|"Unicorn Jelly" Review
I would seem to be the ideal audience for "Unicorn Jelly", being a fan of Sci Fi/Fantasy stories and enjoying philosophy enough to have majored in the subject in college. "Flatland", Lewis Carroll's "Alice" books and Douglas Adams' "Hitchhiker" books are all personal favorites that combine philosophy and fantasy in fun and ingenious ways. I heard good things about "Unicorn Jelly" and was really looking forward to this philosophical fantasy. Unfortunately, I just didn't connect with "Unicorn Jelly" at all. While on one hand I respect the intelligence and care that went into crafting the meticulously detailed universe, I found the actual reading experience to be quite tedious. I didn't really care much for the characters and the plot was rather convoluted and uninvolving.
"Unicorn Jelly" is a science fiction epic involving a witch Lupiko, her adopted daughter, a logically minded hybrid crystal-human named Chou, and Uni, the cute unicorn jelly of the title. We follow these characters through low-key initial adventures that expand to cosmic proportions as they become involved in a Noah's Arc-like exodus from their doomed planet and re-establish civilization living in conjunction with jelly beings on a new world.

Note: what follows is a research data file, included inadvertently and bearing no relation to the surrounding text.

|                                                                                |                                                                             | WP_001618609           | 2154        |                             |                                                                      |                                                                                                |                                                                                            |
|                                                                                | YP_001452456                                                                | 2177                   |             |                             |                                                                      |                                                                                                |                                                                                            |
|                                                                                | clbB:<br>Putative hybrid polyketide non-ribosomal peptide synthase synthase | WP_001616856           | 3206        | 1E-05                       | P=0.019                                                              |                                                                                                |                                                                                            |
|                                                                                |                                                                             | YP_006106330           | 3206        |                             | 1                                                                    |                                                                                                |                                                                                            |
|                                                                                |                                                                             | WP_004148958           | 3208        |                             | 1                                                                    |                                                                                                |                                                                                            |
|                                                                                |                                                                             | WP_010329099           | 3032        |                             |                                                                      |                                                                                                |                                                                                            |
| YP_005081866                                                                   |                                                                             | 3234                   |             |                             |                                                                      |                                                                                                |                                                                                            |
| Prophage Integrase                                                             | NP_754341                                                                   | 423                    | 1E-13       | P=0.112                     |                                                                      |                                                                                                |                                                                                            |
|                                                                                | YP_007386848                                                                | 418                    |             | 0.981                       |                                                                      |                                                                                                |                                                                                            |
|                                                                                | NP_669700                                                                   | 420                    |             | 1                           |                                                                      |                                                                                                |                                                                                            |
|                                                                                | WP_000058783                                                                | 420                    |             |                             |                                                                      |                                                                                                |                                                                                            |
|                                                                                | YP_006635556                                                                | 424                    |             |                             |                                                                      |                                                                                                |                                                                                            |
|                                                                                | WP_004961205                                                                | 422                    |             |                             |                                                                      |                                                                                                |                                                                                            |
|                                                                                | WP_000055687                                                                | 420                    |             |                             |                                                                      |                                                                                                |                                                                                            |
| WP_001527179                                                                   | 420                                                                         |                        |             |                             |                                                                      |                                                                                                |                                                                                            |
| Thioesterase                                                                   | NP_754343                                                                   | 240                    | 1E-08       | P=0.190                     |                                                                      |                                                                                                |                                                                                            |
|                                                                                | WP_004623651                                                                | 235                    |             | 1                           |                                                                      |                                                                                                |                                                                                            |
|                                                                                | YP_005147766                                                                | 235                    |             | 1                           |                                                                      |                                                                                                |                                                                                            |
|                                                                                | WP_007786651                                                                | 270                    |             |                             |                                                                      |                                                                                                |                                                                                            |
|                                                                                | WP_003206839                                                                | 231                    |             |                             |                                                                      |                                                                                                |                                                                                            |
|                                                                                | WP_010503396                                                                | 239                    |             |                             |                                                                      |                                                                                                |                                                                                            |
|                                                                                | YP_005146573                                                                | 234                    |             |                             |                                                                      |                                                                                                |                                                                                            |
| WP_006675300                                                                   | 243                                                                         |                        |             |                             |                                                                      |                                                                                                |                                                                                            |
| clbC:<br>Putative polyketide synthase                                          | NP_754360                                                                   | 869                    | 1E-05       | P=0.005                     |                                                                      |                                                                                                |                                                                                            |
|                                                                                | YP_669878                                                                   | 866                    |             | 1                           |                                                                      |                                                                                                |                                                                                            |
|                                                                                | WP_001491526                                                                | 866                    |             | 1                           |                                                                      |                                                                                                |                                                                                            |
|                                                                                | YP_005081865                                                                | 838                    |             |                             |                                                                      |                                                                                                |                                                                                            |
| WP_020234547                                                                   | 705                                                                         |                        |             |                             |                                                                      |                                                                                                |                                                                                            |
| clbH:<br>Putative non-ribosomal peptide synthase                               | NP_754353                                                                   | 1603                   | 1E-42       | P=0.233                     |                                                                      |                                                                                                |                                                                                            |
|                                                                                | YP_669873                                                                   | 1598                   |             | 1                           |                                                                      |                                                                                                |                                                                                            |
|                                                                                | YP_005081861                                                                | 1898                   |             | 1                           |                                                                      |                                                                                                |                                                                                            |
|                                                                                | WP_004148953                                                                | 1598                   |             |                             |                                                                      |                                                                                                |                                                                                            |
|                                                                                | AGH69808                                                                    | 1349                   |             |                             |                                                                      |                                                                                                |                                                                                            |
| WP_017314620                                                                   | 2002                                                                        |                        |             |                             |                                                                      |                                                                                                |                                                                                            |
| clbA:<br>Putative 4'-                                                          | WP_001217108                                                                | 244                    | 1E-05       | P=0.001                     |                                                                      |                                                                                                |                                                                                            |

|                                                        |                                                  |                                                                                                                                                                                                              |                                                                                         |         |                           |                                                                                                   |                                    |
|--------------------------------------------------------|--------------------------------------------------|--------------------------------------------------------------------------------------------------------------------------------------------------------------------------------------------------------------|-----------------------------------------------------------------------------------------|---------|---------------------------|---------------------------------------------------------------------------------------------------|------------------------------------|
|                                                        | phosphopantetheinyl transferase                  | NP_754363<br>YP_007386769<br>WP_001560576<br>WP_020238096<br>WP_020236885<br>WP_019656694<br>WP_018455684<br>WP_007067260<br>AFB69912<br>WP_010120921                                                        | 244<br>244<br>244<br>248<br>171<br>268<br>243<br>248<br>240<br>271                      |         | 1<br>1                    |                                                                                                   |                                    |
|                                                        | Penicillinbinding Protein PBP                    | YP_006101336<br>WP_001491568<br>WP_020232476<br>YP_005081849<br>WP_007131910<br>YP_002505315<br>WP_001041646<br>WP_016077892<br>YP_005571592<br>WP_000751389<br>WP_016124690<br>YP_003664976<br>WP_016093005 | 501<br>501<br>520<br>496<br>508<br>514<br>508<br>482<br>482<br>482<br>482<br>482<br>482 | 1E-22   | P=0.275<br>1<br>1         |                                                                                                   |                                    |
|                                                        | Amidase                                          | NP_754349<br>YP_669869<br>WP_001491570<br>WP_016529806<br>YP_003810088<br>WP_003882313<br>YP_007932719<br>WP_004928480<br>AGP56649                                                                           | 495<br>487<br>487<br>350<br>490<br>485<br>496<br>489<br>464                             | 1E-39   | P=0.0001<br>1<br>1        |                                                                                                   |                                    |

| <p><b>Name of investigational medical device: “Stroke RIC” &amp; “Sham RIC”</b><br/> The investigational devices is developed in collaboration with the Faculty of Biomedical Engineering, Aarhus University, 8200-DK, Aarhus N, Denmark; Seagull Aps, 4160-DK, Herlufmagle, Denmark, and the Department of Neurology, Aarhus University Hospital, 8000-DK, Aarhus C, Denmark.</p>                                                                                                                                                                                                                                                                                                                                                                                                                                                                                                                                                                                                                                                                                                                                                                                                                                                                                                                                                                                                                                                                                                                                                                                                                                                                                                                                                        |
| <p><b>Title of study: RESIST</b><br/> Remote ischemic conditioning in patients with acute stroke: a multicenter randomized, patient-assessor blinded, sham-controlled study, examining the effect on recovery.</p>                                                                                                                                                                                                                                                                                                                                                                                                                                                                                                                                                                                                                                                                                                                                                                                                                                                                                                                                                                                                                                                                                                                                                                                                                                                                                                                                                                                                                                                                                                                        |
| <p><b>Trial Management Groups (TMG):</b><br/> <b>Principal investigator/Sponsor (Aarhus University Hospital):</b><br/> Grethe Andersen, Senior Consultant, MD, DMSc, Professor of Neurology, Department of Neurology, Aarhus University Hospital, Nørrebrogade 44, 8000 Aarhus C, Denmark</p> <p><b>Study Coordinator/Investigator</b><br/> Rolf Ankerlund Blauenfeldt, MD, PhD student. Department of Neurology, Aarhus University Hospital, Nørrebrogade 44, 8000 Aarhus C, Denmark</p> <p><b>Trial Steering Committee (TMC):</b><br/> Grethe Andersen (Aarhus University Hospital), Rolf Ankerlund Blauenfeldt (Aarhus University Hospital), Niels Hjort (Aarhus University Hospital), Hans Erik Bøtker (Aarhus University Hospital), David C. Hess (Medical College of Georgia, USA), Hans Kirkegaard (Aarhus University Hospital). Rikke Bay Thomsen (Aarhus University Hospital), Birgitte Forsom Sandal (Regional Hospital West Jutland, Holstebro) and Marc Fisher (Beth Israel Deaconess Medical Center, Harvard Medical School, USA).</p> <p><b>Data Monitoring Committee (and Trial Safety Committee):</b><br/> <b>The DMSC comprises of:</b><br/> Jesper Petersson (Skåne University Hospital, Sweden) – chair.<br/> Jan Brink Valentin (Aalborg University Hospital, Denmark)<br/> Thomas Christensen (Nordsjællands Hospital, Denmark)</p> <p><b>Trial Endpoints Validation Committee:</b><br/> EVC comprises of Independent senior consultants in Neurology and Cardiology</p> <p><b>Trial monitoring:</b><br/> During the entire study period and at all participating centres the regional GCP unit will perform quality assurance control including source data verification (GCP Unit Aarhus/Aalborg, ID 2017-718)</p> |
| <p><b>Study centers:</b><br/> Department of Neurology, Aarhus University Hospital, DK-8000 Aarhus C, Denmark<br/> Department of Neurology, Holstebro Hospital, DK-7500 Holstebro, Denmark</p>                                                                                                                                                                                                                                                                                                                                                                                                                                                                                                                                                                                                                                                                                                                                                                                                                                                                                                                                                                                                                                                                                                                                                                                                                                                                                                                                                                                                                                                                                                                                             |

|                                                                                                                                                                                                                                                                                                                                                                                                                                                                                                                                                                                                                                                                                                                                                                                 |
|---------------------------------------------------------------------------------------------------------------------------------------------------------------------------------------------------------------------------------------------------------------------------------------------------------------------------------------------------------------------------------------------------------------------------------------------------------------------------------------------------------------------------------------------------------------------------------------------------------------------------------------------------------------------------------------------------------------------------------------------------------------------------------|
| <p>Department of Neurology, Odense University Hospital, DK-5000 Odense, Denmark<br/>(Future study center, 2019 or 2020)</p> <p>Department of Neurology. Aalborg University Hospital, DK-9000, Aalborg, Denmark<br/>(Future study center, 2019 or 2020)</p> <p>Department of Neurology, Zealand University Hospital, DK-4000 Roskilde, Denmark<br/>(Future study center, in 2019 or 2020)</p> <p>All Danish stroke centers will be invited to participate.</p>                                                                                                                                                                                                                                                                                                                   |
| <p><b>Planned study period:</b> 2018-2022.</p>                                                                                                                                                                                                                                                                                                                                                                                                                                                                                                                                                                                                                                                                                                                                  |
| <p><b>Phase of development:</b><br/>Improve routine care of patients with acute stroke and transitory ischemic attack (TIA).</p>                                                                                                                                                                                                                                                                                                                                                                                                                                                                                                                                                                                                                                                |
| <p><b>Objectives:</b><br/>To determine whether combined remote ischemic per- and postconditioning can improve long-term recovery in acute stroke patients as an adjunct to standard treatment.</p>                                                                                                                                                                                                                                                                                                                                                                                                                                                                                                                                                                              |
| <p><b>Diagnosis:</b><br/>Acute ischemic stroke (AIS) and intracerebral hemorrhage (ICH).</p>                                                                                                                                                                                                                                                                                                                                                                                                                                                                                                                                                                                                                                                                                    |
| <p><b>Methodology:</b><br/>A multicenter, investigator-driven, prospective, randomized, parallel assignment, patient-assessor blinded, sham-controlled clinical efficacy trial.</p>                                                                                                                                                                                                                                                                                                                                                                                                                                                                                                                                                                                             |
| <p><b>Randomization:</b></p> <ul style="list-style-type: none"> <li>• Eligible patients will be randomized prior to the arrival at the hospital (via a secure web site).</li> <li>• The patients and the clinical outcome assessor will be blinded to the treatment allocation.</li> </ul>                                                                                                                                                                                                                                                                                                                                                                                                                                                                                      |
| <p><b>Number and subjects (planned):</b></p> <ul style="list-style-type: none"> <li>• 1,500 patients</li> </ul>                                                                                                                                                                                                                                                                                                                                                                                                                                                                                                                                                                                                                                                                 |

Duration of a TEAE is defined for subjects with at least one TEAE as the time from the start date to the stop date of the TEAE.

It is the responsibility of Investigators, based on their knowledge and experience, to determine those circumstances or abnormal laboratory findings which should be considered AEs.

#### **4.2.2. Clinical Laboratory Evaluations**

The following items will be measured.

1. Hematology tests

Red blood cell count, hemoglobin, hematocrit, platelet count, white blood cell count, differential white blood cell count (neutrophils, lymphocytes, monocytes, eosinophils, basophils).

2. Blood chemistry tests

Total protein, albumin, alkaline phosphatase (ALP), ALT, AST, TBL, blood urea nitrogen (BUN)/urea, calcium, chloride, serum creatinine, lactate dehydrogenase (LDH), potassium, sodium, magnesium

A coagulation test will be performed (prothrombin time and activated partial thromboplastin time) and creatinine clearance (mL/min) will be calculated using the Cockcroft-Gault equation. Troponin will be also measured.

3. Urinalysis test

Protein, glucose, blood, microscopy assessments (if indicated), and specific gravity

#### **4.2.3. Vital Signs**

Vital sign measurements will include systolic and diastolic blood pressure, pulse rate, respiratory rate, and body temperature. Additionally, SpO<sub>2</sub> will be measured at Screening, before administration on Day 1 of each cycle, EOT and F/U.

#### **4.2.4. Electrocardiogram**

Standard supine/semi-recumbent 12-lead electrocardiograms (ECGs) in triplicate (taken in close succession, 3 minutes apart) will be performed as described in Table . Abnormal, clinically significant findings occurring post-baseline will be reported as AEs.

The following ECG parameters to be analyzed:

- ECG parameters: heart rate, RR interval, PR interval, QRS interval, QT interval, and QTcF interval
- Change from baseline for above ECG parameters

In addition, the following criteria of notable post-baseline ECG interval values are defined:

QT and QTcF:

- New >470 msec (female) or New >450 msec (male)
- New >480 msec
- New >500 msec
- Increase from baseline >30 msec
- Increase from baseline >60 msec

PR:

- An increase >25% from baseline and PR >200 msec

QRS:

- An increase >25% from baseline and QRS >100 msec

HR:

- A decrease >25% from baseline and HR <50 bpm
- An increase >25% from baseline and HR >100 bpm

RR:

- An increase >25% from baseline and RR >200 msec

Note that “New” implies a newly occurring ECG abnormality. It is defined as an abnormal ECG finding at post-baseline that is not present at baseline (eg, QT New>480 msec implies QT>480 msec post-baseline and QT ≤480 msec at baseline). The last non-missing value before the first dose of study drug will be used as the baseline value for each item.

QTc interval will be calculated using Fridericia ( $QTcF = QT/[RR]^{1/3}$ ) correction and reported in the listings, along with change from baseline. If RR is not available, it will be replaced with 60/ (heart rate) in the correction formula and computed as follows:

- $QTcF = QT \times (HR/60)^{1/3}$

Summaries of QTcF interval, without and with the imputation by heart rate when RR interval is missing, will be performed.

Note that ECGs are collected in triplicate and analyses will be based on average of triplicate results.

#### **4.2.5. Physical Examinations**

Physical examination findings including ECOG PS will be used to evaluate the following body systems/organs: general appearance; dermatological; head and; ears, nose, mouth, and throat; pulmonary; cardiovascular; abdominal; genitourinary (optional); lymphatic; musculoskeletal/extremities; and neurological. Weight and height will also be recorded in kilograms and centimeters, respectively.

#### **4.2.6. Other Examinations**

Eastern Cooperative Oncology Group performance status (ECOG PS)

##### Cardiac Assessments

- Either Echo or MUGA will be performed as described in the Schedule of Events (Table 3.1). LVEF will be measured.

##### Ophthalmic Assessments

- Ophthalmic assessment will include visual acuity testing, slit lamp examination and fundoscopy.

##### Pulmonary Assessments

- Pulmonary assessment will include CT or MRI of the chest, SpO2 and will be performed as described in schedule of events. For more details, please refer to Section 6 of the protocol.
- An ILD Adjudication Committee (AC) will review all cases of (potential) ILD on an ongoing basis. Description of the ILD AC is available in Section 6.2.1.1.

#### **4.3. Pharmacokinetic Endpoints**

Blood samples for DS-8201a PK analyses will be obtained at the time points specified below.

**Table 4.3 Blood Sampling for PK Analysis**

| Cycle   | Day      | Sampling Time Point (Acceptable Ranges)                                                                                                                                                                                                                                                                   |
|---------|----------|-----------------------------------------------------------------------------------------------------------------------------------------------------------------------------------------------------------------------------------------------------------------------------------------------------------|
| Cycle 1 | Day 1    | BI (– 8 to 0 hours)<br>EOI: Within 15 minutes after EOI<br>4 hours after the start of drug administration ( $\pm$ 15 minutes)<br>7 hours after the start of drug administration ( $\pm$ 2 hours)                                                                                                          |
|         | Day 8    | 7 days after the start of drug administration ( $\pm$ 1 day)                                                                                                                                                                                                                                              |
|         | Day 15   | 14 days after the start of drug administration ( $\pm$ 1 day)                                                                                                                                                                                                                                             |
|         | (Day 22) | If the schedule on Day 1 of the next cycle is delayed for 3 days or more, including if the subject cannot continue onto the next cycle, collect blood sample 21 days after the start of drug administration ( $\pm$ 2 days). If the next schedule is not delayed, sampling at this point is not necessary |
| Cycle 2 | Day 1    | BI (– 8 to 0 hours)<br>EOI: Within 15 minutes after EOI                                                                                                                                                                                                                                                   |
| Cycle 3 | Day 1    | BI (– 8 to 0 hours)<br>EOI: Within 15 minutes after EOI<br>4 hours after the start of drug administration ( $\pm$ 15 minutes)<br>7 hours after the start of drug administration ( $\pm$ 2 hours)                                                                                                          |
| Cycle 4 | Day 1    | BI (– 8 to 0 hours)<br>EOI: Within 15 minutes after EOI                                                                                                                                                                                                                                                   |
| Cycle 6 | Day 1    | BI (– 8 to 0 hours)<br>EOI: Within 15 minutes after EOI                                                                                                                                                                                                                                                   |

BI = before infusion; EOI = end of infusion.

The strip had a bitmap-style, pixelated look, having been crafted by a mouse directly onto the computer. What was so odd about the artwork though, is that unlike nearly every other webcomic we've reviewed, in "Unicorn Jelly" the buildings and backgrounds came off far more impressive than the characters. The various ships, devices, landscapes and diagrams often looked amazing, despite the limitations of the pixelated mouse style. Examples:
Strips 390, 426, 435, 602, 615